Of­fi­cials: Child mo­lesta­tion cases are com­pli­cated

The Standard Journal - - Po­lice - By MELODY DARE­ING

Of­fi­cials said there hasn’t been an ex­plo­sion of child mo­lesta­tion cases in Polk County, but han­dling the ones that do oc­cur is a long, te­dious process.

Polk County Po­lice Chief Kenny Dodd said his of­fice has in­ves­ti­gated 64 re­ported child mo­lesta­tion cases since 2011. De­tec­tives have cleared 34 of those with an ar­rest, Dodd said.

“The rest were un­founded or we could not prove that it ac­tu­ally oc­curred,” Dodd said.

Cedar­town Po­lice Chief Jamie New­some said his de­part­ment in­ves­ti­gated six cases in 2011; 11 cases in 2012; eight cases in 2013 and only two cases so far this year.

Rock­mart Po­lice Chief Keith Sor­rells said his city hasn’t had a child mo­lesta­tion case in sev­eral years.

Dodd said there are times when some­one is ac­cused of child mo­lesta­tion in a cus­tody bat­tle or some other fam­i­lyre­lated dis­putes, but an in­ves­ti­ga­tion will even­tu­ally bear that out.

Polk County District At­tor­ney Jack Brown­ing said the jus­tice sys­tem is set up to pro­ceed cau­tiously be­cause of the dam­age an un­founded ac­cu­sa­tion can cause. He said no crim­i­nal case comes to his of­fice with­out a po­lice in­ves­ti­ga­tion in­di­cat­ing prob­a­ble cause and tak­ing out a war­rant.

Brown­ing said most cases are pretty strong be­fore his of­fice gets it.

“Most of the time, we’re go­ing to find our­selves in­dict­ing a case rather than dis­miss­ing it,” he said.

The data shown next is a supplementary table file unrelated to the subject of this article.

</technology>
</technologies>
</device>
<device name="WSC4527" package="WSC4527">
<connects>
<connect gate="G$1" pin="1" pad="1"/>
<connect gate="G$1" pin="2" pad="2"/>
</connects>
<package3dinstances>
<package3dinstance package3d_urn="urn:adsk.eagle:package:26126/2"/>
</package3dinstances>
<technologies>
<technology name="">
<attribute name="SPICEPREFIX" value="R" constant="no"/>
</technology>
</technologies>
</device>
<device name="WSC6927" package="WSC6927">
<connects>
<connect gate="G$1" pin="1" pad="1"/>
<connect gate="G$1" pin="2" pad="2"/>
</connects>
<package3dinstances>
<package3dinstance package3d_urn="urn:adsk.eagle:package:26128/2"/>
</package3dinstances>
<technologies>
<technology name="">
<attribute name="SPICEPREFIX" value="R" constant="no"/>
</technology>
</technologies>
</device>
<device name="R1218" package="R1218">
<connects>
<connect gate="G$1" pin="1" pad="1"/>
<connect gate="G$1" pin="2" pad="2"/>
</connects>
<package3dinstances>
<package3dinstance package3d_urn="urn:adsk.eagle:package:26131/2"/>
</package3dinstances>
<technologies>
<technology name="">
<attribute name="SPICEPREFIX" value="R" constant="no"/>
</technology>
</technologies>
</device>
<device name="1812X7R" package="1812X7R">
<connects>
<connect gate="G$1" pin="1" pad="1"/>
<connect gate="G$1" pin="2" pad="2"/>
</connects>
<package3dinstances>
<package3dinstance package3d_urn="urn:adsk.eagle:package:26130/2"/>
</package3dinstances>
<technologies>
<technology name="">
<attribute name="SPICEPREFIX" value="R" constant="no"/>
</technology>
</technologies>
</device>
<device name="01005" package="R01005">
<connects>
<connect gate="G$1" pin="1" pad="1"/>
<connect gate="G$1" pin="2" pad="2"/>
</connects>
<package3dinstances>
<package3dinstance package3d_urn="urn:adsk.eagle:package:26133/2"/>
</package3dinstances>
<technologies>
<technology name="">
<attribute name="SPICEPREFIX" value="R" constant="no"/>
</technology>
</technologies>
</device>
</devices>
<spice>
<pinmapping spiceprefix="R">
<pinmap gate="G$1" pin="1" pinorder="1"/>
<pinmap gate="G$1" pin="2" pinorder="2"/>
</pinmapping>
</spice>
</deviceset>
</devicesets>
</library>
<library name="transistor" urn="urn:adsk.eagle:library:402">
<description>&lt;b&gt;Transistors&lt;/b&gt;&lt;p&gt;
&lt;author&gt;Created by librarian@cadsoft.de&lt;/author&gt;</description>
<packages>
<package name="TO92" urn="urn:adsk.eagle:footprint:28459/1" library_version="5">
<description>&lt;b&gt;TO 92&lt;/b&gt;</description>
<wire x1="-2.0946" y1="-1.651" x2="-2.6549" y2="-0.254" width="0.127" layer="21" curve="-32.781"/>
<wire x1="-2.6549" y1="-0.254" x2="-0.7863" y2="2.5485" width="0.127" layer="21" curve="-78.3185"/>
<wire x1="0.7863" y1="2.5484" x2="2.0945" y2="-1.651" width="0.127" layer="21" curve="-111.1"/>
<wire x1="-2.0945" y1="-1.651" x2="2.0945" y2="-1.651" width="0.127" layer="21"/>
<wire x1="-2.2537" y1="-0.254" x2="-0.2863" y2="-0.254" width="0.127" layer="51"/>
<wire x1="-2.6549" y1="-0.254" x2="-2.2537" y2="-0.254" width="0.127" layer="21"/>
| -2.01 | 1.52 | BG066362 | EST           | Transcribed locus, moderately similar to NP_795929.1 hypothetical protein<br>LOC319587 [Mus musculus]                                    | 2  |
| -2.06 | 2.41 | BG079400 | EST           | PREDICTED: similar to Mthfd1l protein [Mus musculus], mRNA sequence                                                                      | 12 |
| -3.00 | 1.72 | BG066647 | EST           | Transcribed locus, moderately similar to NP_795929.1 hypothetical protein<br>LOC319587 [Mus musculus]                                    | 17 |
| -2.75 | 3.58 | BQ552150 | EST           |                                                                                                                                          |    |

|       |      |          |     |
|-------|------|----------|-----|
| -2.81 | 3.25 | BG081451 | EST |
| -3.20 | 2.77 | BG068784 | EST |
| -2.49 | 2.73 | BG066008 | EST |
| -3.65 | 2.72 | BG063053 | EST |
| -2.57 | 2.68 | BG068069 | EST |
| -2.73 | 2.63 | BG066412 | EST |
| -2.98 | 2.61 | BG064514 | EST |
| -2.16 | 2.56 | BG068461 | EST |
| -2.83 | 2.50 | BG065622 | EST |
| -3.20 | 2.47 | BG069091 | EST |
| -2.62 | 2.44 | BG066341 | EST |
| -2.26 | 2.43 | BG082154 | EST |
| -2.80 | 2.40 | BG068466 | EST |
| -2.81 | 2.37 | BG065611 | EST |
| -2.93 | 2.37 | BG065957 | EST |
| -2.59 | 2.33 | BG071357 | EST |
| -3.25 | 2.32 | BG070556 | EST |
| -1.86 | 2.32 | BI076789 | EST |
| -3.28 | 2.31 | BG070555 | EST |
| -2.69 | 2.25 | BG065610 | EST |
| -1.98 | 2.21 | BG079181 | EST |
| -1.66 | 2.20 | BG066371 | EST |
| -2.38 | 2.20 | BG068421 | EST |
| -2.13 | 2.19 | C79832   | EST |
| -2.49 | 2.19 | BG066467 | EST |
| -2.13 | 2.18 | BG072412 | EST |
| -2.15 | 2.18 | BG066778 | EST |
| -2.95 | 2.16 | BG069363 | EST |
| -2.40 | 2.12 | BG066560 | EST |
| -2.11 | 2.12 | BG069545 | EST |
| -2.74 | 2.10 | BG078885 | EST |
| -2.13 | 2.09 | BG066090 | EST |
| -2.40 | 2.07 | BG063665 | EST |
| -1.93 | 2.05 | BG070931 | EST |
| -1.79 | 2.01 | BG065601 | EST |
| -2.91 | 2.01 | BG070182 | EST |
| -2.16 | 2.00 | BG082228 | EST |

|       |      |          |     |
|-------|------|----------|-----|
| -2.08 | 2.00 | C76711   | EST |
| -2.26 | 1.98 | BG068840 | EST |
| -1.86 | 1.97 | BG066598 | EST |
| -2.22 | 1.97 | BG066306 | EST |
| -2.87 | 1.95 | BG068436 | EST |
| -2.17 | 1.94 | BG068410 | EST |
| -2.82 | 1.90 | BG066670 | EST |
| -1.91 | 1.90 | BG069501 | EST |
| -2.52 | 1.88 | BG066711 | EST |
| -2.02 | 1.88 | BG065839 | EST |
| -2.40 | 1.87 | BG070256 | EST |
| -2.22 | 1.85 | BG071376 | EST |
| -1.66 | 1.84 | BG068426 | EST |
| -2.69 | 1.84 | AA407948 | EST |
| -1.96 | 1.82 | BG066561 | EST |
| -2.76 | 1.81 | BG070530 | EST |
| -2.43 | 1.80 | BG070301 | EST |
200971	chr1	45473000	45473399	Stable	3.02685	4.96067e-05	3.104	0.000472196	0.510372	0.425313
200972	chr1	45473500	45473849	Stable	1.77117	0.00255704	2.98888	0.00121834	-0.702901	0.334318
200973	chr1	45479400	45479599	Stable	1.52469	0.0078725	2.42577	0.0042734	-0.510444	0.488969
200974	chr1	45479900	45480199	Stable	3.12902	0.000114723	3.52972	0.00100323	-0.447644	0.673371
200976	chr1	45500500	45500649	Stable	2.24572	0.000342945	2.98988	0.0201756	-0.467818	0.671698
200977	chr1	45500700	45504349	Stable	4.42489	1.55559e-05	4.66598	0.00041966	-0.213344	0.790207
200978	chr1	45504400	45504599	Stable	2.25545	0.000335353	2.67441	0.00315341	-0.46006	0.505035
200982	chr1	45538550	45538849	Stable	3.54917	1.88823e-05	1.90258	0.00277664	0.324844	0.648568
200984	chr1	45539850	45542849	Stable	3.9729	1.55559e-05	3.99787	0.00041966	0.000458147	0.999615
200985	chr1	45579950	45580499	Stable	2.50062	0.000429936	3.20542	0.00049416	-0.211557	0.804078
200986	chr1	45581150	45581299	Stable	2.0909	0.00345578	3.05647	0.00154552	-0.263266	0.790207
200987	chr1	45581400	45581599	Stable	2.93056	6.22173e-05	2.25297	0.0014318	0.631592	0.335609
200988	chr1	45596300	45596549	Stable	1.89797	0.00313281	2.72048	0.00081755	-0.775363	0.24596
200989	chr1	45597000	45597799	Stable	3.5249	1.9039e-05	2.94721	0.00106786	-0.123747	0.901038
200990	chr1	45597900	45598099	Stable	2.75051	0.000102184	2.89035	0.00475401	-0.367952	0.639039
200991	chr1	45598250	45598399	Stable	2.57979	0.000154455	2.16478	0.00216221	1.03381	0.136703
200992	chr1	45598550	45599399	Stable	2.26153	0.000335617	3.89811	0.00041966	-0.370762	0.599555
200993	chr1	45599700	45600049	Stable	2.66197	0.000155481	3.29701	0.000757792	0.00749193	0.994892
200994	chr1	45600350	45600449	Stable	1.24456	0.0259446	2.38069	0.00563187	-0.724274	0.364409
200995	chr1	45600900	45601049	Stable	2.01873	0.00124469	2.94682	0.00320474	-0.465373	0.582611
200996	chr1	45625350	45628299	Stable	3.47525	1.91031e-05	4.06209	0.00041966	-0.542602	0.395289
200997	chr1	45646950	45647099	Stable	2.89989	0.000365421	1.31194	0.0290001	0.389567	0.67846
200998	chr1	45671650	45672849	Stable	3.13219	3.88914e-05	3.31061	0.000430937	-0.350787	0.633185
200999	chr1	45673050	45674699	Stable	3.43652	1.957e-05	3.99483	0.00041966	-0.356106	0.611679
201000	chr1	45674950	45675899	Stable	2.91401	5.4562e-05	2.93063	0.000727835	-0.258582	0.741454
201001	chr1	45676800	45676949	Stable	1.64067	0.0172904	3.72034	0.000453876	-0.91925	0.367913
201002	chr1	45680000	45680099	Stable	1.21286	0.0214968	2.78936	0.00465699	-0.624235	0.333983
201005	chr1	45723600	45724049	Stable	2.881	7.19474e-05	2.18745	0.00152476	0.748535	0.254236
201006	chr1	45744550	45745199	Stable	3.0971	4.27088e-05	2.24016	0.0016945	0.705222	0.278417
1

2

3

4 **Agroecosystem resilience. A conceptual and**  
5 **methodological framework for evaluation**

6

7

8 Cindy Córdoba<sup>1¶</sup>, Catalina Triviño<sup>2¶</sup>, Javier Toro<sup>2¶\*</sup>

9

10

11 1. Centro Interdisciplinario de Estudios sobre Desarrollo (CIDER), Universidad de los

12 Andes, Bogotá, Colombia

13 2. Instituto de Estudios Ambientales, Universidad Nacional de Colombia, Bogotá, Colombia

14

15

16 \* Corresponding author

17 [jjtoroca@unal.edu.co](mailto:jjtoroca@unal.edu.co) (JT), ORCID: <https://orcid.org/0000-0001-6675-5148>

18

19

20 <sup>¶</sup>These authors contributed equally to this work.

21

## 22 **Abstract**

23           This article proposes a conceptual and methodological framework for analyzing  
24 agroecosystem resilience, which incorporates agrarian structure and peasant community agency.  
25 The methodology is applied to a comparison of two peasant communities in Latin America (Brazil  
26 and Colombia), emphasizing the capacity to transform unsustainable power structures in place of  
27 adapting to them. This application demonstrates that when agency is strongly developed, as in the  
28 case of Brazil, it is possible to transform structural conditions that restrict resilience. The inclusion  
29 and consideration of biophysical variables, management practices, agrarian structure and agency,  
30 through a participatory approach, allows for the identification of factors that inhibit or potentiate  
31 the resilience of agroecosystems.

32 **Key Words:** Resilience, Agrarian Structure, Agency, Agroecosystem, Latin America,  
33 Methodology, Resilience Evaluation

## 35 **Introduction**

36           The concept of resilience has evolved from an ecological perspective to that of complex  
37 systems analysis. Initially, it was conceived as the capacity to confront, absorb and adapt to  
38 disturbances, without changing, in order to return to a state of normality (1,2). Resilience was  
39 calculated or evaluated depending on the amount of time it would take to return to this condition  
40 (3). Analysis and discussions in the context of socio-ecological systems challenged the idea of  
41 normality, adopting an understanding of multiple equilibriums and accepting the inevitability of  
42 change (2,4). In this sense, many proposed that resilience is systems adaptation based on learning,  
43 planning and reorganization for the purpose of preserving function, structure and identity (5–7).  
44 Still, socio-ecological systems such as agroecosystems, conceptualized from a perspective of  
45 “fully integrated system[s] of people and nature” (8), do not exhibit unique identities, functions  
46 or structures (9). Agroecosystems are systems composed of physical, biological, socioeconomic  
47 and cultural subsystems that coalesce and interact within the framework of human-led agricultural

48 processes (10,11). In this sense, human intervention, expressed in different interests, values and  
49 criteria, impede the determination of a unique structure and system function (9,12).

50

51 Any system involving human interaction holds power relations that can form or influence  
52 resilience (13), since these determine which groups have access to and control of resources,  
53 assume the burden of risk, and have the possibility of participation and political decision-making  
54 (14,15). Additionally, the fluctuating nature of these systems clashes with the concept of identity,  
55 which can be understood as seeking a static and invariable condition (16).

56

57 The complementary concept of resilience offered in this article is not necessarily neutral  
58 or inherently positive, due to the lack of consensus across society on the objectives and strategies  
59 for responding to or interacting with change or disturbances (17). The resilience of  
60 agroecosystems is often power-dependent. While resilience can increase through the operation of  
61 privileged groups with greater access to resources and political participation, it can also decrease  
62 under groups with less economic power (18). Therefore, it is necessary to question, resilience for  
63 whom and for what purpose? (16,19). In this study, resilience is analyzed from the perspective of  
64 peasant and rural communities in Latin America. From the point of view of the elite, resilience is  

An on­go­ing in­ves­ti­ga­tion con­tin­ues in his of­fice while pros­e­cu­tors are pre­par­ing for grand jury and court hear­ings, he said.

Brown­ing said he will not pros­e­cute a case if fur­ther in­ves­ti­ga­tion re­veals ev­i­dence that the per­son is falsely ac­cused. He said he de­fended some in court when he worked in the pub­lic de­fender’s of­fice and tak­ing those cases to trial is a waste of time and re­sources.

“If I don’t think I have a case, I’m not go­ing to pros­e­cute a case,” he said.

Brown­ing said his of­fice tried only a few child mo­lesta­tion cases last year but some are still work­ing their way through the sys­tem. He said most child mo­lesta­tion cases will go to trial be­cause of the strict manda­tory sen­tenc­ing guide­lines.

Some­one con­victed of ag­gra­vated child mo­lesta­tion will be sen­tenced to 25 years to life, he said. That makes a plea agree­ment non­nego­tiable, he said.

“That case is go­ing to trial. No one is go­ing to plea to 25 years,” Brown­ing said.

The district at­tor­ney said tak­ing a child mo­lesta­tion case to trial is chal­leng­ing be­cause usu­ally there is very lit­tle phys­i­cal ev­i­dence.

“Your strong­est ev­i­dence is the state­ments of the child,” Brown­ing said.

The sit­u­a­tion can be­come the child’s word against that of an adult and, many times, those state­ments are en­cir­cled by fam­ily drama that can con­vo­lute ac­tual facts, he said.

Brown­ing said there is also a process for any con­flict- of- in­ter­est he or any other at­tor­ney in his of­fice many have in crim­i­nal cases. Since he worked as a pub­lic de­fender, he said there could be a case he would have to step away from. In those cases, Brown­ing said he would fol­low pro­to­col and no­tify the state At­tor­ney Gen­eral’s Of­fice of a con­flict and that of­fice would ap­point an out­side prose­cu­tor.

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